Monday, April 23, 2012
"What were you doing?!" asked Jason when I finally got in bed at 1am. "Reading Ruhlman's Twenty," I said. Then I tried to fall asleep, but couldn't. I've never been as conflicted about a cookbook before. My reaction after the first 5 minutes of reading was "Oh no. He wrote my book!" Not that I have a book, or even a proposal for a book. All I have is a feeble hope that one day I could write a book about cooking techniques -- and that's what Michael Ruhlman has done. But after a few hours of reading, I realized that he wrote about only half of what cooking is all about: flavor. The other half is texture; and that's something that requires much more care and technique than he gives it in this book.
For the chapters on salt and acid, I am grateful to him from the bottom of my heart. Not because I agree with all of his advice, but because someone is finally talking about what makes food taste good. No, you don't need "organic" salt, black lava salt, or Fleur de Sel. All you need is plain old Diamond Crystal Kosher salt. But most home cooks need much more of it than they currently use, and much earlier in the process -- very often a whole day before the ingredient is cooked and throughout the cooking process, not as an afterthought when the dish is done. Acid is another secret weapon usually left untouched by home cooks. Vinegar and citrus juice are not only for dishes that are explicitly sour. Most dishes can use a touch of acidity to brighten their flavor.
I am also grateful to him for not jumping on the organic, local, sustainable, free range, cage free, humanly raised, allergy friendly, good for you band wagon. Enough is enough. The most local, sustainable beef can taste like an old shoe if you overcook it, and don't salt it. And a 2 day old egg from a free range chicken in your back yard can easily turn into an egg drop soup if you don't know how to poach.
Another thing I like about the book is that Ruhlman describes what things should look like, feel like, and taste like without trying to sound overly scientific. Knowing the theory about chemical reactions is only helpful if you know how to recognize this behavior with a naked eye and manipulate it to your advantage. I feel that the food science community sometimes forgets that we don't cook with microscopes and test tubes, but with our hands, eyes, skillets and meat thermometers.
What I found frustrating about the book was lack of thought given to doneness of proteins, which makes the biggest impact on texture and juiciness. In one recipe he suggests testing cod for doneness, by inserting a knife into it and then touching it to your lip. If it's warm, it's done. I've seen professionals use this technique, but it feels too vague for home cooks. How long should you keep the knife in the fish to make sure it reaches the temperature of the fish? How warm is warm? How do you make sure that the part of the knife you are touching to your skin is the part that was in the center and not near the outside? Wouldn't it be easier to see if the flakes separate and the center is still translucent? In the poached salmon recipe, he suggests cooking to 135-140 for medium-rare. By no stretch of the imagination is that medium-rare. That's well done and then some, because the fish (as everything) continues to cook once it's off the heat. Medium-rare salmon should come off the heat between 110F and 120F depending on the heat intensity and the thickness of salmon.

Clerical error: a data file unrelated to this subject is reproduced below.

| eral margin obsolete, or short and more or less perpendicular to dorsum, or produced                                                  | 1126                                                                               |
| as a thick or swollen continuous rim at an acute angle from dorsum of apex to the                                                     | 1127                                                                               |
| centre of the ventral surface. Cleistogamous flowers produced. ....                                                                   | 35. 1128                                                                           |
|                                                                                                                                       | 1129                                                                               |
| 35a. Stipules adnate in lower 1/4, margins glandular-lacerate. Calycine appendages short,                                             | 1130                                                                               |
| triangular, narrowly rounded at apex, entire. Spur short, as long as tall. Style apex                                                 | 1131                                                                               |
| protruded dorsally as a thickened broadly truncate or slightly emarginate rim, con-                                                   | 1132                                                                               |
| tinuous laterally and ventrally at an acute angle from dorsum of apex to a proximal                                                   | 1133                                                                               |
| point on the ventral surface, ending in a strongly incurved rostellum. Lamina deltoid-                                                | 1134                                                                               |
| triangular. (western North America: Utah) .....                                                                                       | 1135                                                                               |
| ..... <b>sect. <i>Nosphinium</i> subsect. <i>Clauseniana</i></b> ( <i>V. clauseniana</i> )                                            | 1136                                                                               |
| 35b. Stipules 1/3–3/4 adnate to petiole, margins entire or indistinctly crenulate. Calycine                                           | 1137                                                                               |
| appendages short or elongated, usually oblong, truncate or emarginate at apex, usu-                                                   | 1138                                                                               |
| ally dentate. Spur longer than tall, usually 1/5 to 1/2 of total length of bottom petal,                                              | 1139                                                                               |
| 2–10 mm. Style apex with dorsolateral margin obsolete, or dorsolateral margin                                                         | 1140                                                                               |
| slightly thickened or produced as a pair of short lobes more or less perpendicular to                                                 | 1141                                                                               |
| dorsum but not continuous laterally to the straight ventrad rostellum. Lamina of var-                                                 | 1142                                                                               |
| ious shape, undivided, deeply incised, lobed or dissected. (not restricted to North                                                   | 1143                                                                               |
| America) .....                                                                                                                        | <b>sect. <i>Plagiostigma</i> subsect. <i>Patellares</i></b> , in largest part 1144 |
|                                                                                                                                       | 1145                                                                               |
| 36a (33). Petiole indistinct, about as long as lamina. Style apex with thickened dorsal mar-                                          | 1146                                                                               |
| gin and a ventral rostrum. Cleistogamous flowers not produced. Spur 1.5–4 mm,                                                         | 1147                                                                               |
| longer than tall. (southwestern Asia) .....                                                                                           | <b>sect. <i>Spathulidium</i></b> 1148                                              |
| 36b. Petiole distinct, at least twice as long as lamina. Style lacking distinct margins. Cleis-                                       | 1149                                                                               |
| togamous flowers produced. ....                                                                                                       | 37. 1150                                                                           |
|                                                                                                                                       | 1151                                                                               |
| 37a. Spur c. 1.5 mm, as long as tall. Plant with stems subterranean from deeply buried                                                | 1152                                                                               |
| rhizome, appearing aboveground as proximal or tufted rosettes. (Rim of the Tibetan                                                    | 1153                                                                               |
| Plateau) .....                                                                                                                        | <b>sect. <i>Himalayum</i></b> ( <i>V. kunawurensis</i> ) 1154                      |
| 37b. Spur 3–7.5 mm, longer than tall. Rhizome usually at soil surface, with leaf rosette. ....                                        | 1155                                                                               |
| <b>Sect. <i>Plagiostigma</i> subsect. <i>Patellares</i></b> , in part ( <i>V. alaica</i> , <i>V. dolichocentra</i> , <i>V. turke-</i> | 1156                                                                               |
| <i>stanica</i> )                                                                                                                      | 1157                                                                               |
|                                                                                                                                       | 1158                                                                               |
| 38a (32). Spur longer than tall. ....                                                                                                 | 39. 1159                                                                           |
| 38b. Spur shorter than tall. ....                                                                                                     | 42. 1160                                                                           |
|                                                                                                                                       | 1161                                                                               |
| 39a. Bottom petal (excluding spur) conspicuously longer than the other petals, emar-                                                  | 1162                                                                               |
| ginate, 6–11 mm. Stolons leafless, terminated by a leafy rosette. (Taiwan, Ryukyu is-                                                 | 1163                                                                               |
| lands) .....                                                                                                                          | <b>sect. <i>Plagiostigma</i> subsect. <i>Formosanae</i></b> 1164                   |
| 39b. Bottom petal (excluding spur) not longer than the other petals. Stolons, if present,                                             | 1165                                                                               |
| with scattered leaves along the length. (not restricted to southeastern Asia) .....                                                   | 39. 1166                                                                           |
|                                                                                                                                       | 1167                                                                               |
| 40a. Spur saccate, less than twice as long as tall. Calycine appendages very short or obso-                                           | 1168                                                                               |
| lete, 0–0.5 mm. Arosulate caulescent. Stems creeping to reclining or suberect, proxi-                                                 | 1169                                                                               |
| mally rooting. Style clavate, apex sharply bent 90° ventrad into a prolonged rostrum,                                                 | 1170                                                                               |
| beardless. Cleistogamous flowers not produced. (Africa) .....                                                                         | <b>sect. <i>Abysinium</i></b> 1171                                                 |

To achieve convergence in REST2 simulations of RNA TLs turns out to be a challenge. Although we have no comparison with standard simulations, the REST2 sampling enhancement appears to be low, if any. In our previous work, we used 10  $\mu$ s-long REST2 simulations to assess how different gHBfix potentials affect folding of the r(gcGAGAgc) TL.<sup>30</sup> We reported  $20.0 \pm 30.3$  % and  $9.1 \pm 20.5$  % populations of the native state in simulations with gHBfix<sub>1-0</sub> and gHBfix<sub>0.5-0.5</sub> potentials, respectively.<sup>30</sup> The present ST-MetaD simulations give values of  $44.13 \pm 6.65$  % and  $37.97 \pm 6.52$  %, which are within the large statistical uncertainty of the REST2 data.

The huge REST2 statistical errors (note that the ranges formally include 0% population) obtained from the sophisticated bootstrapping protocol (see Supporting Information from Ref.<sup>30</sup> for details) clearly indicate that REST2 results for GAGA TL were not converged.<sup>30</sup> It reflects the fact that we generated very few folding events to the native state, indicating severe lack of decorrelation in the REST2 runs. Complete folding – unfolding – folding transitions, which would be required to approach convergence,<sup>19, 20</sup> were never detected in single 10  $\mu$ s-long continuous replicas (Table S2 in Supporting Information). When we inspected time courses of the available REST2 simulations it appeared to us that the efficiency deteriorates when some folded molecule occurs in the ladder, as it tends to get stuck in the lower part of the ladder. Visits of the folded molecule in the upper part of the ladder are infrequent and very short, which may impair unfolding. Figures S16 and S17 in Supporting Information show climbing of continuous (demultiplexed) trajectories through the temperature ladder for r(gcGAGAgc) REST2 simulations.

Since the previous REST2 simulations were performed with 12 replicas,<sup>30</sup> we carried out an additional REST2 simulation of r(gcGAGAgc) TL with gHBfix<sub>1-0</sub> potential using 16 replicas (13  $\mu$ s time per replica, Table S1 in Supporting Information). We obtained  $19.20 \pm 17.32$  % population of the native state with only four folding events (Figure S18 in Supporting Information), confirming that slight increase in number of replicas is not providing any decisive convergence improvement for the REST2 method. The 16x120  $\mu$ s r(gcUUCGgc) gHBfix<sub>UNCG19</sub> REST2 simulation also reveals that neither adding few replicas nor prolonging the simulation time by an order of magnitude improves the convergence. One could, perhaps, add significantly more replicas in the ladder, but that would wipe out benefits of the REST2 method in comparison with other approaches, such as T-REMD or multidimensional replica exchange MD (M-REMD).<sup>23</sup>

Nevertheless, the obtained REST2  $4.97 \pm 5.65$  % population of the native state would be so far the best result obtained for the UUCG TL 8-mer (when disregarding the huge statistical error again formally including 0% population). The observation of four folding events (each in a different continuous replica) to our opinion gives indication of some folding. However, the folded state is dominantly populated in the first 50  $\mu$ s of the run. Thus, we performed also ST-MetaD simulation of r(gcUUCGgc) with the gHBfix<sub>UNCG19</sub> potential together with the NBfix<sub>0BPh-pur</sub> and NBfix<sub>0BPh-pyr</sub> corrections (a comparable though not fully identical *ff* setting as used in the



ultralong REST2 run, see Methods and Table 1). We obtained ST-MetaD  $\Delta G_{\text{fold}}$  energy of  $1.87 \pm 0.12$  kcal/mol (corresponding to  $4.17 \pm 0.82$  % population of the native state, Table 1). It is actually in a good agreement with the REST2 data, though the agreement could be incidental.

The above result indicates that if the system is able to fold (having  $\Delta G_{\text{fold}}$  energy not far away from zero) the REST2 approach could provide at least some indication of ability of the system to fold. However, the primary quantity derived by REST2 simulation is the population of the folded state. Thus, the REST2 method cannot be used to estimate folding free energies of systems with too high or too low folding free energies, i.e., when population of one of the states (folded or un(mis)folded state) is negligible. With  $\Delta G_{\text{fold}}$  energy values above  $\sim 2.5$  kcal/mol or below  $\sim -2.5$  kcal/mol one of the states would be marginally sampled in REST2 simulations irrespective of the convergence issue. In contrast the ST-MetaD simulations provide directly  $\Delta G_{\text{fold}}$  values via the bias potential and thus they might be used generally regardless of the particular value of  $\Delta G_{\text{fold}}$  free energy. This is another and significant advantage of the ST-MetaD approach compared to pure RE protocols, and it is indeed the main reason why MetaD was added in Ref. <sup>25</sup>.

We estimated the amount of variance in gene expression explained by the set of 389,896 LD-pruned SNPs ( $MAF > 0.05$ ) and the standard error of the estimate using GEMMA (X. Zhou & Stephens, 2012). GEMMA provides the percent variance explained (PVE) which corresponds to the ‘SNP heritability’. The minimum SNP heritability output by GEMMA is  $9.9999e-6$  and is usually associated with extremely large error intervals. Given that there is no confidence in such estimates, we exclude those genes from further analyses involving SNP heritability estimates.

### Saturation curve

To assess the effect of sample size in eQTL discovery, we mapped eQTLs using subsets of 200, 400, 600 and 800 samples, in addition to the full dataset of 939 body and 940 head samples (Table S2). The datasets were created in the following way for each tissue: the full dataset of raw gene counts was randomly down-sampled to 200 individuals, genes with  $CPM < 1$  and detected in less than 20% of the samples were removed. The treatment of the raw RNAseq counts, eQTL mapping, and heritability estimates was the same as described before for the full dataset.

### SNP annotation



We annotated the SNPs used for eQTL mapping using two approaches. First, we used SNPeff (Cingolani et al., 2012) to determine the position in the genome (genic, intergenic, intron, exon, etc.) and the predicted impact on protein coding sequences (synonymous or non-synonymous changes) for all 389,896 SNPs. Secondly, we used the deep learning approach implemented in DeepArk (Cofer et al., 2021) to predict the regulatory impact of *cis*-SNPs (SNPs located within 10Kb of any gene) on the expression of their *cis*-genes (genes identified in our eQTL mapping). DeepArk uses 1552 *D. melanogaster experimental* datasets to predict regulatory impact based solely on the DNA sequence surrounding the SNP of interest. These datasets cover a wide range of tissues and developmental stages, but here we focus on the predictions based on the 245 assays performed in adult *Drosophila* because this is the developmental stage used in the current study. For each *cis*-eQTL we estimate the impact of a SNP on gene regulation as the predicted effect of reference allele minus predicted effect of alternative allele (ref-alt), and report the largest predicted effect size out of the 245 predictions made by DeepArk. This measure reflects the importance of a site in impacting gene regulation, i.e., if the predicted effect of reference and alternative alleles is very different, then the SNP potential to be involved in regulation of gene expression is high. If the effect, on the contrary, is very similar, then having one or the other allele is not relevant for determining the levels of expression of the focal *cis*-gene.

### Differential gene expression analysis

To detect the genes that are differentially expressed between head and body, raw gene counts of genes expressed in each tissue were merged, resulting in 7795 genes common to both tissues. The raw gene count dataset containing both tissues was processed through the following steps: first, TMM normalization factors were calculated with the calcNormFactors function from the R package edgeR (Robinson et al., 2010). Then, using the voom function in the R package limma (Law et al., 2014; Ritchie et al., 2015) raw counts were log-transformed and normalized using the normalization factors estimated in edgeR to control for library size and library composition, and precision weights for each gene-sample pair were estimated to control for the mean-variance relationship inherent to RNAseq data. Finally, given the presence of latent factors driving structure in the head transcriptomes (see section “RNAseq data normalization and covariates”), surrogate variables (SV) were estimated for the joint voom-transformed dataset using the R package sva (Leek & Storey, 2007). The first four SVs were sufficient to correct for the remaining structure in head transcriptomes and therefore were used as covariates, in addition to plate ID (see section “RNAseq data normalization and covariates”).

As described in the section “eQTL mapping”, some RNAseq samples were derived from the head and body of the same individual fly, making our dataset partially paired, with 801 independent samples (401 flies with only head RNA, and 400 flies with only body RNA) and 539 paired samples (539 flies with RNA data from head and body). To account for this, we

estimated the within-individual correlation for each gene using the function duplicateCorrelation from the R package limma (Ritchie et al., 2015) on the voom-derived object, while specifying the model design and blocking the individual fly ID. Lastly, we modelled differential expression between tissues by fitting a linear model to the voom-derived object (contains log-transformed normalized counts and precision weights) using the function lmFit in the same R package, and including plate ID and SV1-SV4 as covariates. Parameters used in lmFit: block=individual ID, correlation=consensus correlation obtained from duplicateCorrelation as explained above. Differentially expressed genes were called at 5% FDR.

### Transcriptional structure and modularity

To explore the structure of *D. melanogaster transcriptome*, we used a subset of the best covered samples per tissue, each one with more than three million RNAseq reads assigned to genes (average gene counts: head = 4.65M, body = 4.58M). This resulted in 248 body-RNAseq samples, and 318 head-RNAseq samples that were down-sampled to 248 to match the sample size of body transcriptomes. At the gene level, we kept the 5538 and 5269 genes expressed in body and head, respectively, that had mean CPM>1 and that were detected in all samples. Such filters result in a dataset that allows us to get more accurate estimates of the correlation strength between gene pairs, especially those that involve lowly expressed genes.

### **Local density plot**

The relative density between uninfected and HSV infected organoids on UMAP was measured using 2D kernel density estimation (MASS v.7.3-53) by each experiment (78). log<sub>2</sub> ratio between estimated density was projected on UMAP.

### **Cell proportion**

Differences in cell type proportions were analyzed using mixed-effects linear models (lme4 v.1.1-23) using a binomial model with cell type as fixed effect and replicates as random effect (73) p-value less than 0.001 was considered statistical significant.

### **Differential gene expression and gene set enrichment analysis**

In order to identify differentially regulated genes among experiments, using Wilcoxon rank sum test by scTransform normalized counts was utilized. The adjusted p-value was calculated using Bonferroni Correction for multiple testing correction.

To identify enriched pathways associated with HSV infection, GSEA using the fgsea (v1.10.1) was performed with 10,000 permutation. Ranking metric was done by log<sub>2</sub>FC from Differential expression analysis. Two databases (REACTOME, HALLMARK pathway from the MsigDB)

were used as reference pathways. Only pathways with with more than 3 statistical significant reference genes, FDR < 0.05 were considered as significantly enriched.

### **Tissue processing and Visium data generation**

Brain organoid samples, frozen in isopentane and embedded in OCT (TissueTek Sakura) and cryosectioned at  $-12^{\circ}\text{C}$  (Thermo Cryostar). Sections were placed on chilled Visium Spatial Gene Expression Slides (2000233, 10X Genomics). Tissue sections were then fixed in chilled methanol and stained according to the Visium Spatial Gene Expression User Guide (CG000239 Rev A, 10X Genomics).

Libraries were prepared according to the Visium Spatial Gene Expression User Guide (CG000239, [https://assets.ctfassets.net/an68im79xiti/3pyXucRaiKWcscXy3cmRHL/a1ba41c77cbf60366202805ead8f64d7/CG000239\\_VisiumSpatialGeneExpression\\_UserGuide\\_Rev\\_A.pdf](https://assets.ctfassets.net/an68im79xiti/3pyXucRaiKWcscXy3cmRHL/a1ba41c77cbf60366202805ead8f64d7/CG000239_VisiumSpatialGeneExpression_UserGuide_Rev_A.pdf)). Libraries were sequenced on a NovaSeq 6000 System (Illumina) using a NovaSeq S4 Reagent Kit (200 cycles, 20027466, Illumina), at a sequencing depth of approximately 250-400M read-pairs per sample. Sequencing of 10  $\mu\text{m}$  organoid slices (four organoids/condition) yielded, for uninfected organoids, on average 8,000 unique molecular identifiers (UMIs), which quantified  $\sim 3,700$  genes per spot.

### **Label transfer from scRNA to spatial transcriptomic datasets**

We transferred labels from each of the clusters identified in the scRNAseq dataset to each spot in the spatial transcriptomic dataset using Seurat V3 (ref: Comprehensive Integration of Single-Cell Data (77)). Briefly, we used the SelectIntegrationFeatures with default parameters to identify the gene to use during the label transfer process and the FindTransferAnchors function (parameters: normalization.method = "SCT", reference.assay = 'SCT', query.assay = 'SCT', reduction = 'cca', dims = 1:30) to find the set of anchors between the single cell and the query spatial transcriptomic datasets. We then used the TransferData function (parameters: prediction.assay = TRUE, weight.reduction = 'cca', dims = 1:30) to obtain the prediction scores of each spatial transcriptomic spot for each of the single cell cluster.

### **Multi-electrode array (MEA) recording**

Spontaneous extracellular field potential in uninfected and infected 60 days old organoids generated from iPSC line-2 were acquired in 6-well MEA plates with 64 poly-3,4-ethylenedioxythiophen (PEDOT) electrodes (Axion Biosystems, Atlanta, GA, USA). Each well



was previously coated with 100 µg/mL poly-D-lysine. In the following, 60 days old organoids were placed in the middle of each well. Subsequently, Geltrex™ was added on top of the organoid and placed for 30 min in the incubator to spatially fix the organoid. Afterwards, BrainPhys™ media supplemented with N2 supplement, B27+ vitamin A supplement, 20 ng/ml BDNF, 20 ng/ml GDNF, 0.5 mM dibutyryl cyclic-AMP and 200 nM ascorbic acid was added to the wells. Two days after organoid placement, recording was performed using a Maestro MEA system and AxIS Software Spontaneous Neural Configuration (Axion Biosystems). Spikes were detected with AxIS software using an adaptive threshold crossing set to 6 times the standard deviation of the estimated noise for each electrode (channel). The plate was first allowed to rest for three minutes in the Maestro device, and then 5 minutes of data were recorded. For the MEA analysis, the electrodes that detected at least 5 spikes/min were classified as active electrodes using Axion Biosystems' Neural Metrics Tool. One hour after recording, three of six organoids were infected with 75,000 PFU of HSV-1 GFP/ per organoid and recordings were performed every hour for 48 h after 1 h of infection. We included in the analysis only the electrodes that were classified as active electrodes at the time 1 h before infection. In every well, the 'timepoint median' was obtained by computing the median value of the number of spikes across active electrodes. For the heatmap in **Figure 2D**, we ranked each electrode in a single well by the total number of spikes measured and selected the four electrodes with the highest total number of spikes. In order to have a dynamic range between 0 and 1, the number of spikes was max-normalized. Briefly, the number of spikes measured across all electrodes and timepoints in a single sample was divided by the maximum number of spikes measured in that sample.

I felt that the internal temperatures at which Ruhlman suggests you take the proteins off the heat almost always ignored the concept of residual heat. A rib roast and steak taken off the heat at 130F will not be medium-rare as he suggests. Of course, you can say that's just a matter of definition. Maybe his medium-rare is not the same as mine. But the point is not what we call it. The point is that the proteins don't release their juice until they get to 120F, but start to toughen up and squeeze the moisture out aggressively after they get to 130F. If you want to optimize tenderness and juiciness, you need to stay under 130 during cooking and during resting. I wonder if he is bumping up most temperatures to appease the food safety nuts. Though that doesn't sound like Ruhlman. In the ceviche dish, he suggests that sole is ok to eat raw in spite of its proneness to parasites, and he is definitely not cooking cod to 135 (which would feel hot to your lip, not warm).
Another thing that bothered me about the book is omission of the details that seem obvious to people who cook professionally, but are not at all obvious to home cooks. His lovely pan sauces will not work in non-stick cookware most home cooks use. I wish he was more explicit about that. It would also help if he would make a bigger deal about drying the proteins before cooking. The roast chicken recipe mentions that you should rinse the chicken (a step that is completely unnecessary), but doesn't mention that you should dry it. Most home cooks would rinse that chicken even without his instructions, it's the drying that needs to be banged into everyone's heads. That's what will solve the classic home cook problem of "my meat is sticking and not browning."
In spite of all my gripes, I think the book has great merit. I guess Rennie's Twenty would be different than Ruhlman's Twenty, but we all have to choose our battles. I don't remember last time a cookbook made me stay up till 1am. It was a great joy to read a book that's all about cooking, and not some romantic story with a few recipes thrown in. This is a book that will make you think in the kitchen, not day dream about cooking in your cubicle.
Posted by Helen Rennie at 10:36 PM